'Covenant': Creating a Jewish conversion spectrum - review

Turning some of Rabbi Soloveitchik’s ideas toward resolving the Jewish identity crisis

 REFORM JEWS hold up broken hearts as they demonstrate outside the Knesset in 1997 against pending legislation by ultra-religious parties to tighten their grip on conversion issues.  (photo credit: REUTERS)
REFORM JEWS hold up broken hearts as they demonstrate outside the Knesset in 1997 against pending legislation by ultra-religious parties to tighten their grip on conversion issues.
(photo credit: REUTERS)

The question of “Who is a Jew,” sits at the nexus of nationality, state, religion and identity – the components that constitute the State of Israel and influence the character of the Jewish people.

This question has serious implications for Israel and the Jewish people, which are intensifying with the identity and demographic changes taking place in the Jewish world. Outside Israel, the greatest challenge is felt most deeply by those whose conception of the Jewish people is based on Halacha (Jewish Law). The intermarriage rate among non-Orthodox US Jews is around 70%. Israel’s challenge, too, is of immense significance. Some 500,000 Israelis are not considered Jewish according to Halacha. Bringing those Israelis into the Jewish fold is, in the eyes of many Israelis, a national challenge of the first order.

The question of identity and its boundaries, and especially the question of valid conversion, has been at the heart of turbulent halachic debate for many years. Due to its complexity in the face of 21st century reality, its implications for the character of the Jewish people and the State of Israel, and the various halachic approaches to it – some of them radical – it has garnered considerable attention in academic and halachic literature.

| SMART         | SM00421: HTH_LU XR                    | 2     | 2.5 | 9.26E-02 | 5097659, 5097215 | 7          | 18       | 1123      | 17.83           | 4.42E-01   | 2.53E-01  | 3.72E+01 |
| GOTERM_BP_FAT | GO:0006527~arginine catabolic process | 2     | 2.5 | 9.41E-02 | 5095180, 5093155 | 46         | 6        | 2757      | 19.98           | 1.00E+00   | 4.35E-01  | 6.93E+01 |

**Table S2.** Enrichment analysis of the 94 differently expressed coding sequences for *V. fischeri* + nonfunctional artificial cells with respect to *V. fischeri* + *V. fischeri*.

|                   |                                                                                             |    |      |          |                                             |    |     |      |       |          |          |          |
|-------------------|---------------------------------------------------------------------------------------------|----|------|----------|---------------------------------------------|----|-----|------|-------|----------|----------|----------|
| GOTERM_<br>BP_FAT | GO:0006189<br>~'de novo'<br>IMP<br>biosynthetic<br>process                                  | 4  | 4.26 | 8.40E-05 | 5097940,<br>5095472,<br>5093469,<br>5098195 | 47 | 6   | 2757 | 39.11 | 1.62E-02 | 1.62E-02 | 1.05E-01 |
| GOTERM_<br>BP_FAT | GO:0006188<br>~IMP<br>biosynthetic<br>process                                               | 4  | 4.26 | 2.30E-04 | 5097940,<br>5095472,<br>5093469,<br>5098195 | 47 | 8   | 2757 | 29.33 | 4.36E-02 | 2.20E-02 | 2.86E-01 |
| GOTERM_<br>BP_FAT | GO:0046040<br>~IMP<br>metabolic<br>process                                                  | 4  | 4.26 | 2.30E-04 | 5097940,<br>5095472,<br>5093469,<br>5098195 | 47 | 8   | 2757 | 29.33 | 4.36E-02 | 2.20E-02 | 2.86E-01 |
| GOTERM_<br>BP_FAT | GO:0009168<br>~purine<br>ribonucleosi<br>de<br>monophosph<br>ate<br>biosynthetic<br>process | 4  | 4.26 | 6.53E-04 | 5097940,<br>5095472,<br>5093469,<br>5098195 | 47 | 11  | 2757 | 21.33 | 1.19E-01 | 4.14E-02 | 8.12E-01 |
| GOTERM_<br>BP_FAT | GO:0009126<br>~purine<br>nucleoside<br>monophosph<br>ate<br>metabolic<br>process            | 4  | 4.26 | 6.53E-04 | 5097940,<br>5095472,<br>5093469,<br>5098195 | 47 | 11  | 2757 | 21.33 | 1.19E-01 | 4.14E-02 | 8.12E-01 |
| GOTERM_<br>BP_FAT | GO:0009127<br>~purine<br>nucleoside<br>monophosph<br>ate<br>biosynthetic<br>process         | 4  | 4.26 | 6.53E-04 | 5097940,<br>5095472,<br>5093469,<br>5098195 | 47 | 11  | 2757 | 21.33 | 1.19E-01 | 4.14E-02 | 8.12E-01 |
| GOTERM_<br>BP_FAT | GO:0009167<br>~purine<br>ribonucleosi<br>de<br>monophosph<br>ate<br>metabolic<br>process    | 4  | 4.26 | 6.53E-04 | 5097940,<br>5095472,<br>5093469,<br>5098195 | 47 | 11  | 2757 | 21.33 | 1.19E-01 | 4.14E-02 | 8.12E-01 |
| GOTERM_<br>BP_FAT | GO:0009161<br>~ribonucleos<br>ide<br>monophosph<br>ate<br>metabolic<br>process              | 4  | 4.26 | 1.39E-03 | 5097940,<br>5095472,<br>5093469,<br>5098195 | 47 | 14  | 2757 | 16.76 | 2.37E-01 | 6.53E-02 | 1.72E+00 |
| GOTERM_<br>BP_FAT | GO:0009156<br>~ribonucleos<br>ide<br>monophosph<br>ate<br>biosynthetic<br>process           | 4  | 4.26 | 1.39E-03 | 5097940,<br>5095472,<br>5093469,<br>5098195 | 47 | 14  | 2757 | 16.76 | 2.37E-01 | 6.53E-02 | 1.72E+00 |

Despite this, Rabbi Dr. Benji Levy’s most recent book, Covenant and the Jewish Conversion Question: Extending the Thought of Rabbi Joseph B. Soloveitchik, manages to offer an original and important perspective on the issue. More importantly, the book lays out intellectual-halachic ideas that if adopted, could help alleviate current halachic and political tensions surrounding conversion and Jewish identity.

Rabbi yeshiva seminar (black and white) 521 (credit: Courtesy)Rabbi yeshiva seminar (black and white) 521 (credit: Courtesy)

The heart of the book

THE HEART of the book reexamines and offers a groundbreaking look at the issue of conversion through the prism of Rabbi Soloveitchik’s philosophical thought. 

The 20th century leader of Modern Orthodox Judaism in the United States, he was a halachic scholar and preeminent thinker. His teachings offered his contemporaries, and continue to offer 21st century seekers, a theological reckoning with modern reality and a means for integrating within it while remaining fully committed to Halacha and the Orthodox way of life. The uniqueness and intellectual force of his body of work make it an important and meaningful source regarding the discourse of Jewish identity.

In this new book, Levy looks at conversion based on fundamental distinctions explored by Rabbi Soloveitchik. Levy draws our attention to one of his best-known dialectics regarding the Jewish people – its character and identity – namely, the distinction between the “covenant of fate” and “covenant of destiny.” 

In his essay Kol Dodi Dofek (“Listen – My Beloved Knocks”), Soloveitchik defines “covenant of fate” as a life of Jewish existence rooted in an involuntary belonging to the Jewish people and its fate – for better or worse. In contrast, the “covenant of destiny” is, in his eyes, Jewish life based on a sense of choice and on the realization of Jewish destiny while constantly and diligently advancing the vision and will of God in the world.